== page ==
Booze 101: The language of wine
Picture it: You are on your first date at a wine bar. You think, “I’ve got this. I know I like Pinot Grigio and Pinot Noir!” Then you date starts waxing poetic about tannins and the terroir of San Diego County and you panic. You can feel the beads of sweat forming on your brow and the deer in headlights look creeping on your face.
To avoid this unpleasant first date scenario, here are a few must-know wine terms to have you conversing almost like a sommelier. ‘Somme,’ what?
Sommelier (suh-ma-li-yay) or (saw-muh-YAY): In simple terms, someone who knows a lot about wine and works in the service industry, generally at restaurants or hotels. This can be a self-administered title or one can be designated Certified, Advanced or Master Sommelier through rigorous testing with the Court of Master Sommeliers. Recommendation: Watch the documentary SOMM.
Terroir (ter-WAH): One of the most debated terms in the biz. While no exact English translation exists for the French word, it basically refers to the total environment a grape is grown in. Think: soil (composition and geology), topography, macroclimate and microclimate (sunlight, temperature, rainfall).
Corked: This is easy to pronounce, but will engender battle cries from folks in the industry. Basically it’s this: if your wine smells like wet cardboard, wet dog, or soggy newspaper - even a little - it is corked. It is NOT corked just because you don’t like it, it burns your nose hairs, or smells like rubber tires. Those are different flaws altogether. Scientific fact: Corked wine is caused by TCA (2,4,6 - trichloroanisole).
Mouthfeel: Suddenly your date is rambling about the mouthfeel of the wine. Take a deep breath, this just means the texture. Focus on smoothness, dryness, acidity, bitterness, and body. Words you’ll hear and use include: silky, velvety, supple, fleshy, viscous, dry, and full. And yes, we’re still talking about the wine.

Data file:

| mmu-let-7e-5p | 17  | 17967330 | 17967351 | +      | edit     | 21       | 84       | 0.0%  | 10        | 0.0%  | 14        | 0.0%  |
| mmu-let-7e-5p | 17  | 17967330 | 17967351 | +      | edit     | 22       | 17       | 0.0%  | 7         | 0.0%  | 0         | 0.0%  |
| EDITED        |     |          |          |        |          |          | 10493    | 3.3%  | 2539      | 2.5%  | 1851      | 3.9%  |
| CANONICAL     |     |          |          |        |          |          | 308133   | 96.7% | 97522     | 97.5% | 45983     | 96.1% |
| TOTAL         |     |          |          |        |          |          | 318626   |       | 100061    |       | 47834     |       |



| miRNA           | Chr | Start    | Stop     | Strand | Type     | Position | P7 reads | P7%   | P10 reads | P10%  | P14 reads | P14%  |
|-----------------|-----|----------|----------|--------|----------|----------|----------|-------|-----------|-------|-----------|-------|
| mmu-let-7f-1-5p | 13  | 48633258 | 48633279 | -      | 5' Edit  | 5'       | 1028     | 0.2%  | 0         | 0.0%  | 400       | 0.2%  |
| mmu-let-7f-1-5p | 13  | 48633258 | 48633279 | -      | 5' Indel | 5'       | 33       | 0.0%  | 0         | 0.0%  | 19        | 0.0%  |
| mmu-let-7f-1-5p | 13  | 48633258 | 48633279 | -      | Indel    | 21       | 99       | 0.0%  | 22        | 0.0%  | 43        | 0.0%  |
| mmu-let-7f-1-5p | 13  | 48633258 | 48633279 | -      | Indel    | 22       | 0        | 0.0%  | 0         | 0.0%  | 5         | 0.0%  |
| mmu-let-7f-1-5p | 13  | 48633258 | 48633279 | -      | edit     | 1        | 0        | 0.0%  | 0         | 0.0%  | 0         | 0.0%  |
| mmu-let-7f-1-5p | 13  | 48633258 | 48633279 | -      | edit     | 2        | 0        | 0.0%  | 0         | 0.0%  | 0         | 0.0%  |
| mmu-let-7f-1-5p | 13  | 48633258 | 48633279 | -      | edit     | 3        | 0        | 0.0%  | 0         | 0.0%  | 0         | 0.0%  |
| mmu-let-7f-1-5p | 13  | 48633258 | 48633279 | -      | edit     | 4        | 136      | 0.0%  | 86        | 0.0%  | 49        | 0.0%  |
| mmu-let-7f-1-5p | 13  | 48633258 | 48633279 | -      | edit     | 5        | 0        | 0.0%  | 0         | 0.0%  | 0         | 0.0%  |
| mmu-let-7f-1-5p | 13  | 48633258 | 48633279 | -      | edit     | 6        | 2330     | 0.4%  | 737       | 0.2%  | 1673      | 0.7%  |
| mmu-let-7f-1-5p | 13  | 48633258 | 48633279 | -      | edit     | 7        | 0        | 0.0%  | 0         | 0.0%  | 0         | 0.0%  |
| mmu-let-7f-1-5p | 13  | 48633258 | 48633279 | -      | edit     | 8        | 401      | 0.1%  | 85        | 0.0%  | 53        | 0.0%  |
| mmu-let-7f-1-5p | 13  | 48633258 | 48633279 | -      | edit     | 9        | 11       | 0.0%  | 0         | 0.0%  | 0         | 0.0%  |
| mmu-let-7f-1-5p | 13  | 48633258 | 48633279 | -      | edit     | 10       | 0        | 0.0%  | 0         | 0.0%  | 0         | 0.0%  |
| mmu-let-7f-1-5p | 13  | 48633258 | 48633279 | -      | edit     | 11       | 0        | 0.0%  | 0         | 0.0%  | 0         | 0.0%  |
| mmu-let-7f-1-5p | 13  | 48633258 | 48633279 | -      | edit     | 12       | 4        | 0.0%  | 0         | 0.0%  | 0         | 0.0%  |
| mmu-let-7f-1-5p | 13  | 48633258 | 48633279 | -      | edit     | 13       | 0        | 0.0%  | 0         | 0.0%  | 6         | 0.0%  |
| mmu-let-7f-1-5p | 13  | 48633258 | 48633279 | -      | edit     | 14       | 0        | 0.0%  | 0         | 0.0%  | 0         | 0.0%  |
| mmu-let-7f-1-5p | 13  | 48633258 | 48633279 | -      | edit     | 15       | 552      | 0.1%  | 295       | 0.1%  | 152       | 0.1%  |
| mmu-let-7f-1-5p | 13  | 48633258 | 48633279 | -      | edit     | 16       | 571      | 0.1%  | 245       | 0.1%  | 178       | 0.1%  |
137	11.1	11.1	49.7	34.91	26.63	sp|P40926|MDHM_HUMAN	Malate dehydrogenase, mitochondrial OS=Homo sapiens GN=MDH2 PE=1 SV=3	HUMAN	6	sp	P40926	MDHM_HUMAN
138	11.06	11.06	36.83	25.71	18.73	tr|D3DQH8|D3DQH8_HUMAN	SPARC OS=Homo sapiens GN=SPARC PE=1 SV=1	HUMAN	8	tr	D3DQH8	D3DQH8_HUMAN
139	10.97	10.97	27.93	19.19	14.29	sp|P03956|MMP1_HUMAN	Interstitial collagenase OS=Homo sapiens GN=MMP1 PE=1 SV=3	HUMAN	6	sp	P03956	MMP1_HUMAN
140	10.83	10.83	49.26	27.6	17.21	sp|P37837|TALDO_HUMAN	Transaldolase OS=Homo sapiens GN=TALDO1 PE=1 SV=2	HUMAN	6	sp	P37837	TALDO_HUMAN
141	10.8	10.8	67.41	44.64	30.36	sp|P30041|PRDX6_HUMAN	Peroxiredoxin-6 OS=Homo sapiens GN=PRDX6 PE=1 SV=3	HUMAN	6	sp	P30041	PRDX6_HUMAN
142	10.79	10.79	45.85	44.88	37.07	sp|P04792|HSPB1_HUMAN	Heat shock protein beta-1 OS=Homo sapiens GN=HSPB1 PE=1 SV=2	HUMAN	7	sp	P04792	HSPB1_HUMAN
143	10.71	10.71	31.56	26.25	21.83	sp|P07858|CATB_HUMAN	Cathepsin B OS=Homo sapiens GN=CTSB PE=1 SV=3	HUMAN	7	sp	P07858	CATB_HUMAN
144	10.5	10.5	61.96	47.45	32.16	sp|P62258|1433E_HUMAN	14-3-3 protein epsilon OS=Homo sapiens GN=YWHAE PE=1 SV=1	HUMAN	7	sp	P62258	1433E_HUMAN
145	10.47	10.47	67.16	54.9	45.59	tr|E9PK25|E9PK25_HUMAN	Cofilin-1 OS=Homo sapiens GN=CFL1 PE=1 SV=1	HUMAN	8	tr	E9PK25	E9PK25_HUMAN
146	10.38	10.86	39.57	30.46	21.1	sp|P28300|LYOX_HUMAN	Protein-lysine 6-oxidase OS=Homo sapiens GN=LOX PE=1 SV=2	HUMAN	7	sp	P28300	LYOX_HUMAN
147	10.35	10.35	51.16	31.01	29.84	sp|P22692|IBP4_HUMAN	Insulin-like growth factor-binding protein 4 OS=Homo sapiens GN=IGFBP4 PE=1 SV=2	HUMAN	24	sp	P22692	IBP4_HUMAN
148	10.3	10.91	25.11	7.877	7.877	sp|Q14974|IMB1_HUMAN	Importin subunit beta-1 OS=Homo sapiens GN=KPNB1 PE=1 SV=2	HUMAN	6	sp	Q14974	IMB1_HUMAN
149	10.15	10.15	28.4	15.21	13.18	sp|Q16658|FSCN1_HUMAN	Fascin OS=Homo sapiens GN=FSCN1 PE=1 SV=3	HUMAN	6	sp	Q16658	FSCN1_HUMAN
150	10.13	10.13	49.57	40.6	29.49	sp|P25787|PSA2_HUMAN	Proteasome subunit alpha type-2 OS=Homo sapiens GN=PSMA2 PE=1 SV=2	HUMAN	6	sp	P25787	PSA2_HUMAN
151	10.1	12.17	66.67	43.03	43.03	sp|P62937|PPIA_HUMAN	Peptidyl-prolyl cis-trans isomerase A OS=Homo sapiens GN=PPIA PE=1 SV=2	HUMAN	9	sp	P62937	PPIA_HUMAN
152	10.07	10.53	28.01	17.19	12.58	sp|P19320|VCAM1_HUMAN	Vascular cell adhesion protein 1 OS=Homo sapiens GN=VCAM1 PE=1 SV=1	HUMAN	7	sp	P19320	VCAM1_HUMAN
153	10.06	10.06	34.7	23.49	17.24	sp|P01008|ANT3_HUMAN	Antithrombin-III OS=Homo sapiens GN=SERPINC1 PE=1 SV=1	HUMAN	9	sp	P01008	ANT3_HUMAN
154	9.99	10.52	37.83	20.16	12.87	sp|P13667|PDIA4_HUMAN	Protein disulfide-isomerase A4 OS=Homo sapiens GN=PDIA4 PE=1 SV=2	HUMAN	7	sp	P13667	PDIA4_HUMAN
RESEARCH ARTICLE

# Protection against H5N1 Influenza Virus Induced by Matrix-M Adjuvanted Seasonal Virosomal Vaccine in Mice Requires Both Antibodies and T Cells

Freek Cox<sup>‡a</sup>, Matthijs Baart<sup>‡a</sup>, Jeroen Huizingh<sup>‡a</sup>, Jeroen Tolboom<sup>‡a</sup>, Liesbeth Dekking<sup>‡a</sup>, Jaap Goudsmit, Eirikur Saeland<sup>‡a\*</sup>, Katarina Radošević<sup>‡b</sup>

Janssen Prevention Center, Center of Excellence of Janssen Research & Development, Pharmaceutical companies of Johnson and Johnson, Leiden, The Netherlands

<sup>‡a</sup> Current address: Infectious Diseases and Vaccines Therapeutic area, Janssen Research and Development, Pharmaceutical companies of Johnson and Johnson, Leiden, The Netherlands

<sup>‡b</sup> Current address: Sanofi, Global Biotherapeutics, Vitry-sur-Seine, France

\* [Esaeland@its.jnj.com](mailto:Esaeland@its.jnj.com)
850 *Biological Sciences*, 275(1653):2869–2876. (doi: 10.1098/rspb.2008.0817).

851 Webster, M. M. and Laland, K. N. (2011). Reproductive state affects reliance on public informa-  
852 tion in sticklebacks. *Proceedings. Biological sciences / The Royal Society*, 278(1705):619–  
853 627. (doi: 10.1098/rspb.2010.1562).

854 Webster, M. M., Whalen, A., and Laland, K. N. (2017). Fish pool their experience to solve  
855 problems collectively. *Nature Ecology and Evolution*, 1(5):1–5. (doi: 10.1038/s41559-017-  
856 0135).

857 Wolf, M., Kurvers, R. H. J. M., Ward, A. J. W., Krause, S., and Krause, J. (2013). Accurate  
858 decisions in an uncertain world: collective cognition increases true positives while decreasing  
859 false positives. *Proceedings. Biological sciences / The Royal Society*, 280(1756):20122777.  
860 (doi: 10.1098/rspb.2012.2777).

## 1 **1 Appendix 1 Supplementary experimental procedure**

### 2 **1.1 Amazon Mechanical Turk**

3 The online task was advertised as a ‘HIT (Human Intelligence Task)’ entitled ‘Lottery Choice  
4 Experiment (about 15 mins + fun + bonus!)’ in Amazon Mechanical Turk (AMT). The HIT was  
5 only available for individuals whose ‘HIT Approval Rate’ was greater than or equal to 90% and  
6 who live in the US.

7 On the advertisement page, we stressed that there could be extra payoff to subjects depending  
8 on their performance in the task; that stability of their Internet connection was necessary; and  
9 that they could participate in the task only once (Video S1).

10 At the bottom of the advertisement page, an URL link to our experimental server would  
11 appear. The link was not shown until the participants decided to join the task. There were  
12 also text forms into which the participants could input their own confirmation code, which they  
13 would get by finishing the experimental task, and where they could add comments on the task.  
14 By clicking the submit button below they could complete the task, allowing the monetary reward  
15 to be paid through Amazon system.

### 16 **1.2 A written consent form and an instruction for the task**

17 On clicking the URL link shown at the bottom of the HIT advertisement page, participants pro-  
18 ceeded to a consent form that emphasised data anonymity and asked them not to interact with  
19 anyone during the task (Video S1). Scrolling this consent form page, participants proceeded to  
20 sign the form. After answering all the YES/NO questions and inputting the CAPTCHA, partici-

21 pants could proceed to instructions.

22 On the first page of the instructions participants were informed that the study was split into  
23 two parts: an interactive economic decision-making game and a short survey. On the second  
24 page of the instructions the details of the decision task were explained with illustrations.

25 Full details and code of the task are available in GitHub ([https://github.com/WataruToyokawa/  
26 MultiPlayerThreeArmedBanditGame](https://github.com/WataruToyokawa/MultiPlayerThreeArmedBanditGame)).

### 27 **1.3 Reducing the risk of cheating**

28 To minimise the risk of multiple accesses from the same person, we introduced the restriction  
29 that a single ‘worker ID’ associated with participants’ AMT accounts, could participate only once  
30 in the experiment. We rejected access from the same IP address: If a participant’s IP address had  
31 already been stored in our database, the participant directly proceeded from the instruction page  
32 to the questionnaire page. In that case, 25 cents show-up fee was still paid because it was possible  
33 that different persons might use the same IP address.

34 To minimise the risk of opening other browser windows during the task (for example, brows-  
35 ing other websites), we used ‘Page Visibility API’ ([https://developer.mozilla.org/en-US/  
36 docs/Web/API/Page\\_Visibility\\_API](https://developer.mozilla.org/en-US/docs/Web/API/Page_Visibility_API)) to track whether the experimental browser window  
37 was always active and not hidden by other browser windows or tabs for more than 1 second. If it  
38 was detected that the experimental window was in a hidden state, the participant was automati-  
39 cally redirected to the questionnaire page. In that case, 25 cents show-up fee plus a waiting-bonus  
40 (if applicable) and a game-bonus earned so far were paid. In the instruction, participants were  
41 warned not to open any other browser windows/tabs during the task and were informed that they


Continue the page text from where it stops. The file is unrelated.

Tannin: This refers to the bitter substance in a grape’s skin, seeds and stems. It comes out when the grapes are pressed and the juice has contact with the above. Oak barrels will also lend tannin to a wine. Easy way to relate? Think about the bitterness you get from tea bags. That drying sensation in your gums? That’s tannin.
Umami (oo-MAH-mi): Food term meets wine term. Heard in the inner circle of foodies and wine geeks, it refers to the salty, sweet, savory, je ne sais quoi combination of aroma and flavor you can’t put your finger on. Example: soy sauce.
Meritage (rhymes with heritage): Never fear, this simply means blend. First coined in 1981 by the winner of a Los Angeles Times competition, the designation separates it from a single varietal wine, such as Cabernet Sauvignon. Commonly seen on California labels and wine lists, the name is trademarked, can only be used by members of the Meritage Association, and must contain only specified grapes.
Cuvée (coo-VEY): A confusing word with many different meanings in different contexts. Great! For simple purposes, it commonly refers to the first and best flow from the press (in other words, the best juice) or can refer to a blend, but without the strict guidelines of Meritage. You will often see this on wine labels referring to a specific or special batch of the wine, like “Vintners Cuvee.”
Final tip: Please stop talking about “the legs,” as in “This one’s got great legs! Look at those legs!” Save that one as a compliment for your date. The saying is like carrying an umbrella in Seattle. It shows you have no idea what you are doing.
With 18 years in the restaurant and beverage industry and more than 850 reviews under her belt, Laurie Delk is a one-stop guide to all things craft beer, wine and spirits. You can follow Delk on Twitter @lauriedelklife or Instagram @sandiegobeer. Send ideas for featured drinks to firstname.lastname@example.org.
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